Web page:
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30 Years of the ADA—What Does it Mean for Us?

If you’re older than 40, you probably remember the passage of the Americans With Disabilities Act on June 26, 1990. George H.W. Bush signed it into law.

It seems like it’s been around a lot longer than that; maybe because the push for handicap parking started in the late 1960s and hit its stride in the late 1970s. I was 26 in 1990. There is a movie that came out in 2007, Music Within, about Richard Pimentel, the Vietnam veteran credited with starting the movement to pass the ADA. I saw the movie in 2009, and don’t remember the story very well, so I looked it up again. Pimentel lost his hearing in Vietnam, and when he tried to go out for pancakes with his veteran friend who used a wheelchair, they were discouraged by the steps up to the restaurant entrance. That’s what started it all.

We mostly think of the beginning of the ADA as a time when suddenly there were curb cutouts and beeping buttons at every city crosswalk. As those new ATMs flooded the country, they all had Braille keyboards, even the ones at the bank’s drive-through, which provided jokes for the comedians of the time.

American Sign Language interpreters appeared at public speaking events, and at all government functions. Increased exposure to ASL led a lot of people to take classes and learn the basics.

We know that public buildings have to be accessible, and your employer has to make “reasonable accommodations,” but what else does the ADA actually say?

The original ADA as passed in 1990 said it was illegal to discriminate against individuals with disabilities in employment, transportation, public accommodations, commercial facilities, telecommunications, and state and local government service. The way people were to be protected from discrimination has evolved over time. Titles II and III were added in 1991, and there have been more revisions since.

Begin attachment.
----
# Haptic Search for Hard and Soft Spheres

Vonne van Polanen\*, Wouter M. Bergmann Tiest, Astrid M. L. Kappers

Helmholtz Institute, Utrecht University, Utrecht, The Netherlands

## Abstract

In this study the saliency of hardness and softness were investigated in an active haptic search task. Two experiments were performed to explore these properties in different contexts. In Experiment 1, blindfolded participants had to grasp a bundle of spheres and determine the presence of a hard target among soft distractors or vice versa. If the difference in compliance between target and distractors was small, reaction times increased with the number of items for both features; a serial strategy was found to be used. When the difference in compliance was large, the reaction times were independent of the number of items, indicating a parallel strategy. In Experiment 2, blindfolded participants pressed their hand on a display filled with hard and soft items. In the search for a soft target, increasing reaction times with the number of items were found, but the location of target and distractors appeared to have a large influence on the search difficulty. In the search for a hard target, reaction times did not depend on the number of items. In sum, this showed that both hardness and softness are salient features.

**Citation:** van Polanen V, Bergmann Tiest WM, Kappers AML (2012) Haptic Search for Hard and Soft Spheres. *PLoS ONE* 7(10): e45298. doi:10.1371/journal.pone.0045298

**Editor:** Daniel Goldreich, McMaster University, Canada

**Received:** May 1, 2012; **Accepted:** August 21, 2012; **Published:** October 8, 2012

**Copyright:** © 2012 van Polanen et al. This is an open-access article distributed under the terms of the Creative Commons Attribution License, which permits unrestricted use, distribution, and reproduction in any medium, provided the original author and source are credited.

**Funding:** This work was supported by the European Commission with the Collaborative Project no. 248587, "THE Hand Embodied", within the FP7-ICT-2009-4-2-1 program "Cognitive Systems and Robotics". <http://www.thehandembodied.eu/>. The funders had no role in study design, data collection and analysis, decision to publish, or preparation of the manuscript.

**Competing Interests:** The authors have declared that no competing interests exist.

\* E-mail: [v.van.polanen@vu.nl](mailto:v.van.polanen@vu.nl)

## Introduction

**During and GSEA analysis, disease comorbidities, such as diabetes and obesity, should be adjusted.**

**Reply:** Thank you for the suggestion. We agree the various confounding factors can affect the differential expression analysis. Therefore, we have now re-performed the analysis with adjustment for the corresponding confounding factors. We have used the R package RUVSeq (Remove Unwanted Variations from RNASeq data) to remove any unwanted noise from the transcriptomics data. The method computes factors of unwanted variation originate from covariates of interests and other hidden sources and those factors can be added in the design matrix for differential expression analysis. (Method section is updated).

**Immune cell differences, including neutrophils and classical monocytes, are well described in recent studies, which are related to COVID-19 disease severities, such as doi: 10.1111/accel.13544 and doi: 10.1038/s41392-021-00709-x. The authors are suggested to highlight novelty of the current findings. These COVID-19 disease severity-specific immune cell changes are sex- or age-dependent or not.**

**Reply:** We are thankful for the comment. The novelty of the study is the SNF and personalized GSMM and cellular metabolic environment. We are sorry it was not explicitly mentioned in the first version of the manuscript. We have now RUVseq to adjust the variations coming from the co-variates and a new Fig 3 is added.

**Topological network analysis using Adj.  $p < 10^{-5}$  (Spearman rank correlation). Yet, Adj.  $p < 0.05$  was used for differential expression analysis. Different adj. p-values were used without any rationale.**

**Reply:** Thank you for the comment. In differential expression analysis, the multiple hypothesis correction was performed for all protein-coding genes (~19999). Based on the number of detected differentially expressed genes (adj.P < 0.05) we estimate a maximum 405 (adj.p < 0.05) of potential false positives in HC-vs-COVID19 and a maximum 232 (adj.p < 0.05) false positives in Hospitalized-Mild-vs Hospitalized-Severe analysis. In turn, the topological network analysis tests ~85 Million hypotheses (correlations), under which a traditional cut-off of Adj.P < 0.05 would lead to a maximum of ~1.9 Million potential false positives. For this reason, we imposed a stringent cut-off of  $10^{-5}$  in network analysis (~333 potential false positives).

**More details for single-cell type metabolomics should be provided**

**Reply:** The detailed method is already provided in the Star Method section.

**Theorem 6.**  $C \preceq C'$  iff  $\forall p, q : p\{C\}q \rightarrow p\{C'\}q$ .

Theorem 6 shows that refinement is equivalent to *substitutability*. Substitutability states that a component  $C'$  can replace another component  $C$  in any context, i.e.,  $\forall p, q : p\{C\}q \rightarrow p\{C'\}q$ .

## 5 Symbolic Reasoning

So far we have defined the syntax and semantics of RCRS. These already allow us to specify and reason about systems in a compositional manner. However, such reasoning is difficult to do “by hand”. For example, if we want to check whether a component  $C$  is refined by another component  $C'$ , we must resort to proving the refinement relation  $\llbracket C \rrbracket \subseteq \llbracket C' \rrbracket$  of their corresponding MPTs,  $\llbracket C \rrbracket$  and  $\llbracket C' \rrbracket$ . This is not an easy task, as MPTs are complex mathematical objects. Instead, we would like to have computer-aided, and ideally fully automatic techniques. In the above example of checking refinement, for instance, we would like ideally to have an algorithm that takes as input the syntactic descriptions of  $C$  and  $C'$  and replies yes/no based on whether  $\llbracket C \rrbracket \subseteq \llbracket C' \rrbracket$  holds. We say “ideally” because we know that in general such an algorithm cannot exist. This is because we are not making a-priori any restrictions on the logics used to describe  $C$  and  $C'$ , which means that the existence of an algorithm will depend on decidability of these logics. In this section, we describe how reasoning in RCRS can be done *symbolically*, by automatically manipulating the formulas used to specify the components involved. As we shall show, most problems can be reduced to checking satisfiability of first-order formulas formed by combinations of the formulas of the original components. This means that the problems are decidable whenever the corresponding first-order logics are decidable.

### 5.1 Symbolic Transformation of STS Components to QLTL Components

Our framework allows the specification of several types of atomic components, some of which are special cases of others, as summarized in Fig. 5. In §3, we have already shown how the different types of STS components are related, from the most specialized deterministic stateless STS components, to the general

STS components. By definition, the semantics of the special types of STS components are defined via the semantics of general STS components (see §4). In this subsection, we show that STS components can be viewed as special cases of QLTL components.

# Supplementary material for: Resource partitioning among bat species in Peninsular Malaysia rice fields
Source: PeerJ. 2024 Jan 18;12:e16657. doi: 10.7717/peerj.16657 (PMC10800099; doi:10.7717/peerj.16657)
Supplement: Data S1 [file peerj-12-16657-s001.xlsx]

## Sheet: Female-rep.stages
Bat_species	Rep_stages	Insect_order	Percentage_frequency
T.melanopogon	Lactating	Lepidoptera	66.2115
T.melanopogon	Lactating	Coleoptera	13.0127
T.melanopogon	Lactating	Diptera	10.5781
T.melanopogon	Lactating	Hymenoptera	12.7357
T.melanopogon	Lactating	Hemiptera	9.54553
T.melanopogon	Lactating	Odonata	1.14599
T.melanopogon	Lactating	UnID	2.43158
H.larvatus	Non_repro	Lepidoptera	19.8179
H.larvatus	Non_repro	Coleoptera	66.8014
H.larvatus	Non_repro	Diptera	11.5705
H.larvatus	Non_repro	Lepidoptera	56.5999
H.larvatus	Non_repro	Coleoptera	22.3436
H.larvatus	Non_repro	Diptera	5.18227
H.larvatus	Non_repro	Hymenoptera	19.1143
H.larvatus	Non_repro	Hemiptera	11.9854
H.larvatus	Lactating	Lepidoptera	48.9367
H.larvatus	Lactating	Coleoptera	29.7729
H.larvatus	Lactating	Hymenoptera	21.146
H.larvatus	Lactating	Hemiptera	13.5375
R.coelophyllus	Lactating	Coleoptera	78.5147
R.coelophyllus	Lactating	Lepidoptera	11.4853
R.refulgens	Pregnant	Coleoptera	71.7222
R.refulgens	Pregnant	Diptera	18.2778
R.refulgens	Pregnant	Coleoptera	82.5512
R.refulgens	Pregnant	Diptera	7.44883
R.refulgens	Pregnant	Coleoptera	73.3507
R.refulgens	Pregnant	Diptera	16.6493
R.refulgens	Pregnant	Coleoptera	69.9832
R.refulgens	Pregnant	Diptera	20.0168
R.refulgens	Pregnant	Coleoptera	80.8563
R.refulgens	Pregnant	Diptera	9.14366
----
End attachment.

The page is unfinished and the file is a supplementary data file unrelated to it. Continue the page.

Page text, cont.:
The “living document” nature of the law is revealed in the inconsistent numbering scheme between sections. Only an editor like me would notice that. The text is predictably heavy on wheelchair users and blind and deaf people. Invisible disabilities are acknowledged, though. Section 12102 defines what constitutes a disability; the mental gymnastics of applying it to rheumatoid arthritis, for example, are up to the readers and their attorneys.

The law is now incredibly specific in what is required for the “standard” disabilities; for example, you may think in general terms, like you know “the commuter train has to be wheelchair-accessible.” Under the law, one car per train must be outfitted for wheelchair access (12162.a.1). The section goes into great detail about what “wheelchair accessible” means for different types of trains. Where on-board restrooms are provided, the accessible car must have an accessible restroom, that sort of thing. Requirements for dining cars are spelled out. There are even sections on requirements for refurbished and vintage train cars! (Subchapter 2, Part B, Subpart II, Section 12162.d and 12184.c)

You can see how individual lawsuits have influenced the law over time, like there is a section exempting federal wilderness areas from providing accommodations (Sec. 12207). Wilderness areas being roadless by definition, it would be impossible to provide paved trails for wheelchairs. You know that had to come about from a disabled hiker wanting to use a wilderness area.

There are weird provisions in it; for example someone found it necessary to codify the fact that being a transvestite is not a disability (Sec. 12208). I wonder what year that was added; awareness of the variety of gender distinctions is so high these days, you hardly ever hear the word “transvestite” anymore, while it used to be a suburban catch-all for anything related to gender nonconformity.